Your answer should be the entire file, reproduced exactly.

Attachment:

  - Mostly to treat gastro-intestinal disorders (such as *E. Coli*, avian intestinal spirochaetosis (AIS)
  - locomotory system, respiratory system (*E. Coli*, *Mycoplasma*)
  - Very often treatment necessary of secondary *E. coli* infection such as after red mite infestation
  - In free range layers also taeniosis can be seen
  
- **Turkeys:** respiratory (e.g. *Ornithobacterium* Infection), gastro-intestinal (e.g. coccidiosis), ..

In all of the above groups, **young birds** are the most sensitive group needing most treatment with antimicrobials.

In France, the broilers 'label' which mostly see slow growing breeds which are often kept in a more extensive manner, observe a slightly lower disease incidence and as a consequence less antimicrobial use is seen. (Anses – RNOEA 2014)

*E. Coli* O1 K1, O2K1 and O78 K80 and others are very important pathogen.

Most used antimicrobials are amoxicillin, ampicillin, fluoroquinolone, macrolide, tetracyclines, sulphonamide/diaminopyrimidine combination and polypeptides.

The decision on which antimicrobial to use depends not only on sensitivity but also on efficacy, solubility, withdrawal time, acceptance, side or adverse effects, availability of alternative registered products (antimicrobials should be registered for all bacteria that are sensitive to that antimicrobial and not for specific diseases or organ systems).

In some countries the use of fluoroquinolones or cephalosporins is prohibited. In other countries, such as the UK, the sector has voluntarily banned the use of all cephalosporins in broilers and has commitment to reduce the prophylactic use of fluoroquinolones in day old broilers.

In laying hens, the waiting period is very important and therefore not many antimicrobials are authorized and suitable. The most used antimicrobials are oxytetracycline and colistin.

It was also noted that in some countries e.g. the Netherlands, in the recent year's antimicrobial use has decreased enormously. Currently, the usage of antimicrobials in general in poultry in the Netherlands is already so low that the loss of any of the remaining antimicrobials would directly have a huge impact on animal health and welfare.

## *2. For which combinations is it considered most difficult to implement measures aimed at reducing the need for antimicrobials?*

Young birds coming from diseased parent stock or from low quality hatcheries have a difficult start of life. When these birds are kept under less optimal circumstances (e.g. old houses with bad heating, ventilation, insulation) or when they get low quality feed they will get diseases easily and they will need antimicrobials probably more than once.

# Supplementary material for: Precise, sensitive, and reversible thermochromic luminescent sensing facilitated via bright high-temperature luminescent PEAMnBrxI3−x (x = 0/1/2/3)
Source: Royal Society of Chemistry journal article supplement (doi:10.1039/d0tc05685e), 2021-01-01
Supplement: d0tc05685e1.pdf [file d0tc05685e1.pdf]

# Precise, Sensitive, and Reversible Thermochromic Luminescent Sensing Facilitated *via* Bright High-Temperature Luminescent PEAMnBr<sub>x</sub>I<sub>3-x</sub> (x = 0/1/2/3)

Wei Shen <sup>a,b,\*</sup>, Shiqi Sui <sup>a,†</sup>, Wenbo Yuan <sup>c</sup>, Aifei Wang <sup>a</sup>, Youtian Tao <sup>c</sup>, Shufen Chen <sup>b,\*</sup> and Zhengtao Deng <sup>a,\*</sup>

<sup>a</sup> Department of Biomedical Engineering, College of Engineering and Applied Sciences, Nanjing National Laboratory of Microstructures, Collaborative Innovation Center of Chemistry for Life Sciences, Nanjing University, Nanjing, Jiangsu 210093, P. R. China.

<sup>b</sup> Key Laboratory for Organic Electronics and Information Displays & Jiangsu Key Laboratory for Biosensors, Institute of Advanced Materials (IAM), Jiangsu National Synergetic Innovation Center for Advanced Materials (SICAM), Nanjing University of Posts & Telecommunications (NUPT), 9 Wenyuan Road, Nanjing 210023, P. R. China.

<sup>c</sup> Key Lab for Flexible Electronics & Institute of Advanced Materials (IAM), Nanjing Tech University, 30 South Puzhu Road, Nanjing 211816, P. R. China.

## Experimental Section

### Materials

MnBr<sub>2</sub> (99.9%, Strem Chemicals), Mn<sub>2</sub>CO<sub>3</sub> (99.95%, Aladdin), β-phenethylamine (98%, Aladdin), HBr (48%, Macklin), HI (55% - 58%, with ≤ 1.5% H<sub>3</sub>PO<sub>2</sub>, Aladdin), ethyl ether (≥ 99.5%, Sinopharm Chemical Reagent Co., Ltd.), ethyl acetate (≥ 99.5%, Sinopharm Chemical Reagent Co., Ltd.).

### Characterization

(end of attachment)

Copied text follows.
  - Mostly to treat gastro-intestinal disorders (such as *E. Coli*, avian intestinal spirochaetosis (AIS)
  - locomotory system, respiratory system (*E. Coli*, *Mycoplasma*)
  - Very often treatment necessary of secondary *E. coli* infection such as after red mite infestation
  - In free range layers also taeniosis can be seen
  
- **Turkeys:** respiratory (e.g. *Ornithobacterium* Infection), gastro-intestinal (e.g. coccidiosis), ..

In all of the above groups, **young birds** are the most sensitive group needing most treatment with antimicrobials.

In France, the broilers 'label' which mostly see slow growing breeds which are often kept in a more extensive manner, observe a slightly lower disease incidence and as a consequence less antimicrobial use is seen. (Anses – RNOEA 2014)

*E. Coli* O1 K1, O2K1 and O78 K80 and others are very important pathogen.

Most used antimicrobials are amoxicillin, ampicillin, fluoroquinolone, macrolide, tetracyclines, sulphonamide/diaminopyrimidine combination and polypeptides.

The decision on which antimicrobial to use depends not only on sensitivity but also on efficacy, solubility, withdrawal time, acceptance, side or adverse effects, availability of alternative registered products (antimicrobials should be registered for all bacteria that are sensitive to that antimicrobial and not for specific diseases or organ systems).

In some countries the use of fluoroquinolones or cephalosporins is prohibited. In other countries, such as the UK, the sector has voluntarily banned the use of all cephalosporins in broilers and has commitment to reduce the prophylactic use of fluoroquinolones in day old broilers.

In laying hens, the waiting period is very important and therefore not many antimicrobials are authorized and suitable. The most used antimicrobials are oxytetracycline and colistin.

It was also noted that in some countries e.g. the Netherlands, in the recent year's antimicrobial use has decreased enormously. Currently, the usage of antimicrobials in general in poultry in the Netherlands is already so low that the loss of any of the remaining antimicrobials would directly have a huge impact on animal health and welfare.

## *2. For which combinations is it considered most difficult to implement measures aimed at reducing the need for antimicrobials?*

Young birds coming from diseased parent stock or from low quality hatcheries have a difficult start of life. When these birds are kept under less optimal circumstances (e.g. old houses with bad heating, ventilation, insulation) or when they get low quality feed they will get diseases easily and they will need antimicrobials probably more than once.

# Supplementary material for: Precise, sensitive, and reversible thermochromic luminescent sensing facilitated via bright high-temperature luminescent PEAMnBrxI3−x (x = 0/1/2/3)
Source: Royal Society of Chemistry journal article supplement (doi:10.1039/d0tc05685e), 2021-01-01
Supplement: d0tc05685e1.pdf [file d0tc05685e1.pdf]

# Precise, Sensitive, and Reversible Thermochromic Luminescent Sensing Facilitated *via* Bright High-Temperature Luminescent PEAMnBr<sub>x</sub>I<sub>3-x</sub> (x = 0/1/2/3)

Wei Shen <sup>a,b,\*</sup>, Shiqi Sui <sup>a,†</sup>, Wenbo Yuan <sup>c</sup>, Aifei Wang <sup>a</sup>, Youtian Tao <sup>c</sup>, Shufen Chen <sup>b,\*</sup> and Zhengtao Deng <sup>a,\*</sup>

<sup>a</sup> Department of Biomedical Engineering, College of Engineering and Applied Sciences, Nanjing National Laboratory of Microstructures, Collaborative Innovation Center of Chemistry for Life Sciences, Nanjing University, Nanjing, Jiangsu 210093, P. R. China.

<sup>b</sup> Key Laboratory for Organic Electronics and Information Displays & Jiangsu Key Laboratory for Biosensors, Institute of Advanced Materials (IAM), Jiangsu National Synergetic Innovation Center for Advanced Materials (SICAM), Nanjing University of Posts & Telecommunications (NUPT), 9 Wenyuan Road, Nanjing 210023, P. R. China.

<sup>c</sup> Key Lab for Flexible Electronics & Institute of Advanced Materials (IAM), Nanjing Tech University, 30 South Puzhu Road, Nanjing 211816, P. R. China.

## Experimental Section

### Materials

MnBr<sub>2</sub> (99.9%, Strem Chemicals), Mn<sub>2</sub>CO<sub>3</sub> (99.95%, Aladdin), β-phenethylamine (98%, Aladdin), HBr (48%, Macklin), HI (55% - 58%, with ≤ 1.5% H<sub>3</sub>PO<sub>2</sub>, Aladdin), ethyl ether (≥ 99.5%, Sinopharm Chemical Reagent Co., Ltd.), ethyl acetate (≥ 99.5%, Sinopharm Chemical Reagent Co., Ltd.).

### Characterization